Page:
There are many statutory protections for prospective franchisees that assist them gain an understanding of a franchised business they may wish to acquire such as the delivery by the franchisor of a disclosure document, the requirements of the Franchising Code of Conduct that the Franchisor must comply with that at least put the prospective franchisee on notice that it should consider seeking advice from a lawyer, accountant and business adviser and the 7 day cooling off period to terminate the franchise agreement after it is signed.  Even with these protections, the adage’ buyer beware’ remains relevant.  This warning means the buyer assumes the risk.  It is so with the acquisition of a franchised business.

Prospective franchisees need to be as well educated as possible about the franchise they are considering purchasing from a franchisor. Investigations should be as comprehensive as possible, and franchisees should not sign a franchise agreement if they are uncertain about any matters or not satisfied with any responses they have received from the franchisor.

The investigations that the franchisee should undertake before signing a franchise agreement or before purchasing an existing franchise business should include relevant legal, accounting and financial advice.  It is difficult to understand why a franchisee who may consider making an investment of a large sum of money in the acquisition of a franchised business would not spend a relatively small sum of money obtaining appropriate professional advice.

Prospective franchisees need to consider a number of risks when considering the purchase of a franchised business.  Many of these risks are specifically relevant to a franchise business. Generally, the risk of business failure in a franchisor/franchisee relationship is heavily distributed towards the franchisee.  Although there is no benefit to a franchisor in the business failure of a franchisee and, in some circumstances, franchisee business failure may result in financial burdens and inconvenience to the franchisor, the consequences for the franchisee may be extreme.

Prospective franchisees need to consider the following aspects of the franchise relationship in terms of the potential pitfalls of purchasing a franchised business that is not financially successful:

  1. Franchise agreements are usually for a fixed term.  This term is often 5 or 7 years but may be for a longer period.  Once the franchise agreement is signed and the cooling off period of 7 days has passed, the franchisee is contractually obliged to continue the franchised business for the full term, even if the business is making losses.  If the franchised business makes losses, the franchisee may need to invest further funds into the business which it did not anticipate;
  2. There are ways to end the relationship with the franchisor such as a sale of the franchised business or termination of the franchise agreement by consent, but it may be difficult to sell the business if it is losing money, and the franchisor may not be prepared to agree to termination by consent without payment of compensation by the franchisee;
  3. Franchise agreements often provide for the payment of royalties by the franchisees based on gross sales or income.  This means that the franchisee is required to pay royalties even if the franchised business is making trading losses.  In these circumstances, the franchisor still receives its royalties and the franchisee is obliged to keep trading, potentially making further losses, and not able to exit the franchise;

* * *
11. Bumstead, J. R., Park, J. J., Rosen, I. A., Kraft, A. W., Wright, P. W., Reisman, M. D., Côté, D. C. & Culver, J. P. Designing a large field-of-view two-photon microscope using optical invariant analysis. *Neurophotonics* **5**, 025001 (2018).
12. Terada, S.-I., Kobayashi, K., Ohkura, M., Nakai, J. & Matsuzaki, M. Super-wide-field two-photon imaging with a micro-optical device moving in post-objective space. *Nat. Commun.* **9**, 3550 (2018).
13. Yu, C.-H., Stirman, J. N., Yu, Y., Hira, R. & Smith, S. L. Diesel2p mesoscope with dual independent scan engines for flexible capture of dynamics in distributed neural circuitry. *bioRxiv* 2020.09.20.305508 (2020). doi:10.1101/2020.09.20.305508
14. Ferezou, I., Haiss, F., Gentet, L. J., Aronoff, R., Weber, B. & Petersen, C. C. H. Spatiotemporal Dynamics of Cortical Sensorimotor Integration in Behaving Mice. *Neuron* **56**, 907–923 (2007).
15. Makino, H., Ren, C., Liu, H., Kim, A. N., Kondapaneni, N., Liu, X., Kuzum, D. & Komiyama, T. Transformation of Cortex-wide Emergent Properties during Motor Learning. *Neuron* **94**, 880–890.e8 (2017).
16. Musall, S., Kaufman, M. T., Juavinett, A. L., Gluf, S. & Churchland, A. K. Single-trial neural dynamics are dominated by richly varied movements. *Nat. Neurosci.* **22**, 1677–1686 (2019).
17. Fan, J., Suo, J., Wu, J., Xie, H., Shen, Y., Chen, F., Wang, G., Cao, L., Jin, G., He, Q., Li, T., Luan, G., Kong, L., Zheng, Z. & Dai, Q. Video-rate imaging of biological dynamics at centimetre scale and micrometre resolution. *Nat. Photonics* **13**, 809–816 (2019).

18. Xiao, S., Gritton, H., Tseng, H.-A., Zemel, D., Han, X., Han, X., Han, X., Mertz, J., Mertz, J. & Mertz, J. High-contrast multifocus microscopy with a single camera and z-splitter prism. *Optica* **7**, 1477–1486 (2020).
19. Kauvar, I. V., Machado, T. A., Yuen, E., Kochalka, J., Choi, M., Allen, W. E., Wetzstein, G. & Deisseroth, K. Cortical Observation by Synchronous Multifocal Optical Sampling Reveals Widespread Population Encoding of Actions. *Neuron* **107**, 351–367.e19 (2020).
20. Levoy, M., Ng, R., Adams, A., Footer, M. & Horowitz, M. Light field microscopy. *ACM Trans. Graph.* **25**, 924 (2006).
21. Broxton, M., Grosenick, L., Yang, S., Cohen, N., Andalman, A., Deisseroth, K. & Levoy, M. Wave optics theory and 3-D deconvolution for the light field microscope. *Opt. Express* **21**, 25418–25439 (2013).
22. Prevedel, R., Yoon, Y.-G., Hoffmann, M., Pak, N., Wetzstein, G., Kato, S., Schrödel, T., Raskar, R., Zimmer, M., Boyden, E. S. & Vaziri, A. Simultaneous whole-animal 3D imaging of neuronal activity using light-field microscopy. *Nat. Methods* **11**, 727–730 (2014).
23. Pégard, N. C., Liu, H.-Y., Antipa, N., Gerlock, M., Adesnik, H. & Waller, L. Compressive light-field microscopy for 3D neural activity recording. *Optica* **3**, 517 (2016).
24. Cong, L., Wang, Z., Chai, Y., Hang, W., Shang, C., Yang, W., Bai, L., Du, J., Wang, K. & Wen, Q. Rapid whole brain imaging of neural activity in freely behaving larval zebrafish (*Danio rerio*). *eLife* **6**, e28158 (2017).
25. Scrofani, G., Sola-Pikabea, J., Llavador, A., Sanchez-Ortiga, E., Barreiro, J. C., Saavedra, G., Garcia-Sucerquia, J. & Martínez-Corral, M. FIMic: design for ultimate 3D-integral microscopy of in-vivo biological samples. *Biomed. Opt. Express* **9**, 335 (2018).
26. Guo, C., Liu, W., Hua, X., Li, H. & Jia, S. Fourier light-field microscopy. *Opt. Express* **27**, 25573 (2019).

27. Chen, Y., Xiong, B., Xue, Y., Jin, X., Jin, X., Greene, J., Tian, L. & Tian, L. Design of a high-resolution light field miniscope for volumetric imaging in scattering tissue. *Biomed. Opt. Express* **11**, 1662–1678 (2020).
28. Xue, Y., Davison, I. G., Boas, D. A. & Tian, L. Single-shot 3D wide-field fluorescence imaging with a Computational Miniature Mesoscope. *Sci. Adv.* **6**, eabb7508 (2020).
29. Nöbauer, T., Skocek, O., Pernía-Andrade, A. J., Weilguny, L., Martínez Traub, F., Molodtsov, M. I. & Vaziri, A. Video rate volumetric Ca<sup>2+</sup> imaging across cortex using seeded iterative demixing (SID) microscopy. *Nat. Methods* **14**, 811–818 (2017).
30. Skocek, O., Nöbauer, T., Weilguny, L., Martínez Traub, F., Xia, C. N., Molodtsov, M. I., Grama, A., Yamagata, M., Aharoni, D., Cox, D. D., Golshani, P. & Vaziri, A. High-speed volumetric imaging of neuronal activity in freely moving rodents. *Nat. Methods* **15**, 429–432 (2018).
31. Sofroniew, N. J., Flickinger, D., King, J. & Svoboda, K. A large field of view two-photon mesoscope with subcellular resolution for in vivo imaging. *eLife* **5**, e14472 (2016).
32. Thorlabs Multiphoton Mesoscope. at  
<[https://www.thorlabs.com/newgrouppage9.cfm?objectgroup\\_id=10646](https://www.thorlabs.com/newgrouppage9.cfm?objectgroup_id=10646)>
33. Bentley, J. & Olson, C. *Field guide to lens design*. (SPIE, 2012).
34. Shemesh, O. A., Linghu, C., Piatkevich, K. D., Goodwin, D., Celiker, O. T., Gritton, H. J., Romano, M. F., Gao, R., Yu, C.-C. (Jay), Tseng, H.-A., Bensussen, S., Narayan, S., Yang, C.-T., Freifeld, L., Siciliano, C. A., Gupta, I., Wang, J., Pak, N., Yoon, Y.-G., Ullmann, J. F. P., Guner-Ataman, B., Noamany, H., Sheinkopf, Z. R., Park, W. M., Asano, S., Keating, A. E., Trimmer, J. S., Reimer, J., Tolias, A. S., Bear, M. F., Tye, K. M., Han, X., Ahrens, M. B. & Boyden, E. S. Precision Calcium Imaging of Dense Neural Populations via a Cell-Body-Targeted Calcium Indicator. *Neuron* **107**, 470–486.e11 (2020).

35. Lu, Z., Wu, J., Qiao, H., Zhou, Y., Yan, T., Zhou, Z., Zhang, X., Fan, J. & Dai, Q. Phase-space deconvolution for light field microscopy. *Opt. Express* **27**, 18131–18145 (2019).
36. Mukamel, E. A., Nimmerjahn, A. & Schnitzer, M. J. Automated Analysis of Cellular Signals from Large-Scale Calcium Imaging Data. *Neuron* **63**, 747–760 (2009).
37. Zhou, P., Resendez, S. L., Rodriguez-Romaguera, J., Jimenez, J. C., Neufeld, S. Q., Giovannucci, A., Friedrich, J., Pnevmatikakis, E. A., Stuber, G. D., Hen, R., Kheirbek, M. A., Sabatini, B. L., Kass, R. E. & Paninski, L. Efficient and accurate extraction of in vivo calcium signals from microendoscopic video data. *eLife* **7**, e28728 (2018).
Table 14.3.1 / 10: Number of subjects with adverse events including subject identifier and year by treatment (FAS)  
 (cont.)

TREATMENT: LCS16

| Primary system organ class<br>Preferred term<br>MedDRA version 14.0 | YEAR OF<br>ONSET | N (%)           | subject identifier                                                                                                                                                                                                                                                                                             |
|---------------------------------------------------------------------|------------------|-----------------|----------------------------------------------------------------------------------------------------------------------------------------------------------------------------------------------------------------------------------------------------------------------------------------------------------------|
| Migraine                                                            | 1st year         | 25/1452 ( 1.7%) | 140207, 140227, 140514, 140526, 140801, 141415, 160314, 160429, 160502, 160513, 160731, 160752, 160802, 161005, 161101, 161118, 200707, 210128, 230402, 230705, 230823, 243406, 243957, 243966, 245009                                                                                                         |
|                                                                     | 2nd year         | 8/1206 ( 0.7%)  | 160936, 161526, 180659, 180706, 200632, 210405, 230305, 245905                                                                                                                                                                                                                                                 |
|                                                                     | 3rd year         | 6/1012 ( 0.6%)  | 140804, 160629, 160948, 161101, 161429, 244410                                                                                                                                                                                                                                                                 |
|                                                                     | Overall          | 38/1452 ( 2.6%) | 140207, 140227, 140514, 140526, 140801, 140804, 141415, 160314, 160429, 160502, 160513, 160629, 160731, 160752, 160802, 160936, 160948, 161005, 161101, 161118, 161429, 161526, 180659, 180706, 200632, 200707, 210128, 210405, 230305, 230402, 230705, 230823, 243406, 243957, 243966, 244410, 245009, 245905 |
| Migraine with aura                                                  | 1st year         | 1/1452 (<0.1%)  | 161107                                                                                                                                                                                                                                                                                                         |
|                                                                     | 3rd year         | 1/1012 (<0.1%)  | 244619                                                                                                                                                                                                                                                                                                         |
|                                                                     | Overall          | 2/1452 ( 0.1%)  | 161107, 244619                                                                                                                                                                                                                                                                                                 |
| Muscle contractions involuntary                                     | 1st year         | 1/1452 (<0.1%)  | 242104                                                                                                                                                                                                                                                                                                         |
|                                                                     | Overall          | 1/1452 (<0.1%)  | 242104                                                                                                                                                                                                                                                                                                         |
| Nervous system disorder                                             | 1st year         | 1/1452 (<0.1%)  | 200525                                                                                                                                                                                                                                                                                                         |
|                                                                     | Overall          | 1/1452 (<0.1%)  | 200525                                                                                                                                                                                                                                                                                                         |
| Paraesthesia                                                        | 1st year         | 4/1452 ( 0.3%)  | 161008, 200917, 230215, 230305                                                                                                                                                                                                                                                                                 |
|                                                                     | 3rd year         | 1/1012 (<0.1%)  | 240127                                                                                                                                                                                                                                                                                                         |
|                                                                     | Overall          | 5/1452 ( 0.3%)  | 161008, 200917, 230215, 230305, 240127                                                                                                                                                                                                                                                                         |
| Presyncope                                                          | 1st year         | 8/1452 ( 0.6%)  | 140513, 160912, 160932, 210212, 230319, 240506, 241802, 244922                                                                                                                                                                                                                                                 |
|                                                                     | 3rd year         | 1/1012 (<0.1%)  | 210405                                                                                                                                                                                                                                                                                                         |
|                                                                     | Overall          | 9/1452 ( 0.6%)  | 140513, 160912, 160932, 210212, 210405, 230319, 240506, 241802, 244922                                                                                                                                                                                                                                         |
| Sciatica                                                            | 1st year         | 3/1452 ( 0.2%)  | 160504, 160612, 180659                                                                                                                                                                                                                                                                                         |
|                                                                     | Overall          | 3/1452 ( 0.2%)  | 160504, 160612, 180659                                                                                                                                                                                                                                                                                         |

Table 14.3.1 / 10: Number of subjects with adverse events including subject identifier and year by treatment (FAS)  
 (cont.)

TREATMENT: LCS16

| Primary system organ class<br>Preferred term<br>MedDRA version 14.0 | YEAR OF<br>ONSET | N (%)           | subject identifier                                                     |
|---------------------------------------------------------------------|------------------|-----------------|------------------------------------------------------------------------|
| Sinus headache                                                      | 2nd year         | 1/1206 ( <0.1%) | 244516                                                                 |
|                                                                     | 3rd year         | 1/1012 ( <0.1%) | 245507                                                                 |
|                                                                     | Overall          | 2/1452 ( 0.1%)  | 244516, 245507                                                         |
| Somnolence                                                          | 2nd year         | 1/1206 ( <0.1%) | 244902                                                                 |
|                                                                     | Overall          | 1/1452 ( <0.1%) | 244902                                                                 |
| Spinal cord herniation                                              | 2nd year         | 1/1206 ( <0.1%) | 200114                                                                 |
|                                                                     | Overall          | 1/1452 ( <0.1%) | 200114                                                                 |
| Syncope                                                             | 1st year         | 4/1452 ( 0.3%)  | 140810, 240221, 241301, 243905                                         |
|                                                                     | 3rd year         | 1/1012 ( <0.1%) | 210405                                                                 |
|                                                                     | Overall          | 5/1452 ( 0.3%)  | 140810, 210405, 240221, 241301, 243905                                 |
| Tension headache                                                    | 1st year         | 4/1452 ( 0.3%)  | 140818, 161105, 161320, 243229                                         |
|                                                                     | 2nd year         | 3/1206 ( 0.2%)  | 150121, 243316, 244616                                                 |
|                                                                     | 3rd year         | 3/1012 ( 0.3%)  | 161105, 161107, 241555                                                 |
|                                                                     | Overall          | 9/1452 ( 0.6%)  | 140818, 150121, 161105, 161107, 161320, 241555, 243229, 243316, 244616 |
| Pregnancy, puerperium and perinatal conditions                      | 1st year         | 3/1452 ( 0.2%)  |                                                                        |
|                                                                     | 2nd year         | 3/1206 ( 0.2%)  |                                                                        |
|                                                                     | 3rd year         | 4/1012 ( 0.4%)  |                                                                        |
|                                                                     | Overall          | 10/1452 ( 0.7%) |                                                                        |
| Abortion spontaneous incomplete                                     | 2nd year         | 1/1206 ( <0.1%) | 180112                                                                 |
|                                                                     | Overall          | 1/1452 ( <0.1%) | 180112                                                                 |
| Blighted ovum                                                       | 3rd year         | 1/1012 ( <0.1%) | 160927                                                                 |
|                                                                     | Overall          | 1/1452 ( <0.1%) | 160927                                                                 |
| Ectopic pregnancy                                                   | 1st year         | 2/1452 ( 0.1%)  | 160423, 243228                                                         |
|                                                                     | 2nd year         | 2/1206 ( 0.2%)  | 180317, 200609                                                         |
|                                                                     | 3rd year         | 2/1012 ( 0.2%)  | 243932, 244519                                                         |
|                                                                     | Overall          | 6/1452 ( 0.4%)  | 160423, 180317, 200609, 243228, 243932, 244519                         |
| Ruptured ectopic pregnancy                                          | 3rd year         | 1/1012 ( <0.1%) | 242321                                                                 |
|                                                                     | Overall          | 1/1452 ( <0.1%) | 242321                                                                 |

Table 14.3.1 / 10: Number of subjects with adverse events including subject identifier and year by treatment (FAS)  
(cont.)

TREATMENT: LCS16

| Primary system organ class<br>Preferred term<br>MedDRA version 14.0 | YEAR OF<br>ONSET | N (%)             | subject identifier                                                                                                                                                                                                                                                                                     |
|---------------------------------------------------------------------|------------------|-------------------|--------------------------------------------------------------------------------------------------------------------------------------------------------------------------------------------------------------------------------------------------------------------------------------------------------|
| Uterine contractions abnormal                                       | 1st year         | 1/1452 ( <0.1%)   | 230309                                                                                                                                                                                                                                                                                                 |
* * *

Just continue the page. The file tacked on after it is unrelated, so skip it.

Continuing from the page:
4. Franchisees often purchase a franchise through a company.  In these circumstances, most franchise agreements require the persons standing behind the company (the directors, shareholders or the person who runs the franchised business) to provide a personal guarantee of the franchisee’s obligations under the franchise agreement.  This puts the personal assets of these individuals who provided guarantees at risk if the franchised business makes losses;
  5. If the franchisee is forced to close the franchised business due to trading losses to avoid insolvent trading, the individuals standing behind the company may be sued as guarantors for damages by the franchisor in respect of future royalties that the franchisor will no longer receive because of business failure and closure of the franchised business.

Franchisees need to consider these potential pitfalls with great care. All acquisitions of a business, and owning and operating a business, entails risk but the above risks which flow from the franchisor/franchisee relationship need to be weighed against the many benefits of the franchisor/franchisee relationship.  This weighing of risks and benefits of franchising should be part of a franchisee’s investigations and due diligence before a decision is made to acquire a franchise or purchase an existing franchised business.

We shall consider other specific risks flowing from the franchisor/franchisee relationship in subsequent parts in this series.

Bill Morgan is a consultant at Morgan Mac Lawyers and has been involved in complex commercial litigation for over 20 years.  Much of his practise involves franchise law and the resolution of franchise disputes.  Morgan Mac Lawyers have acted for over 40 franchisor or franchisee clients over the last 2 years.

The following is the link to the website:

www.morganmac.com.au

Bill can also be contacted via linkedIn here.

 

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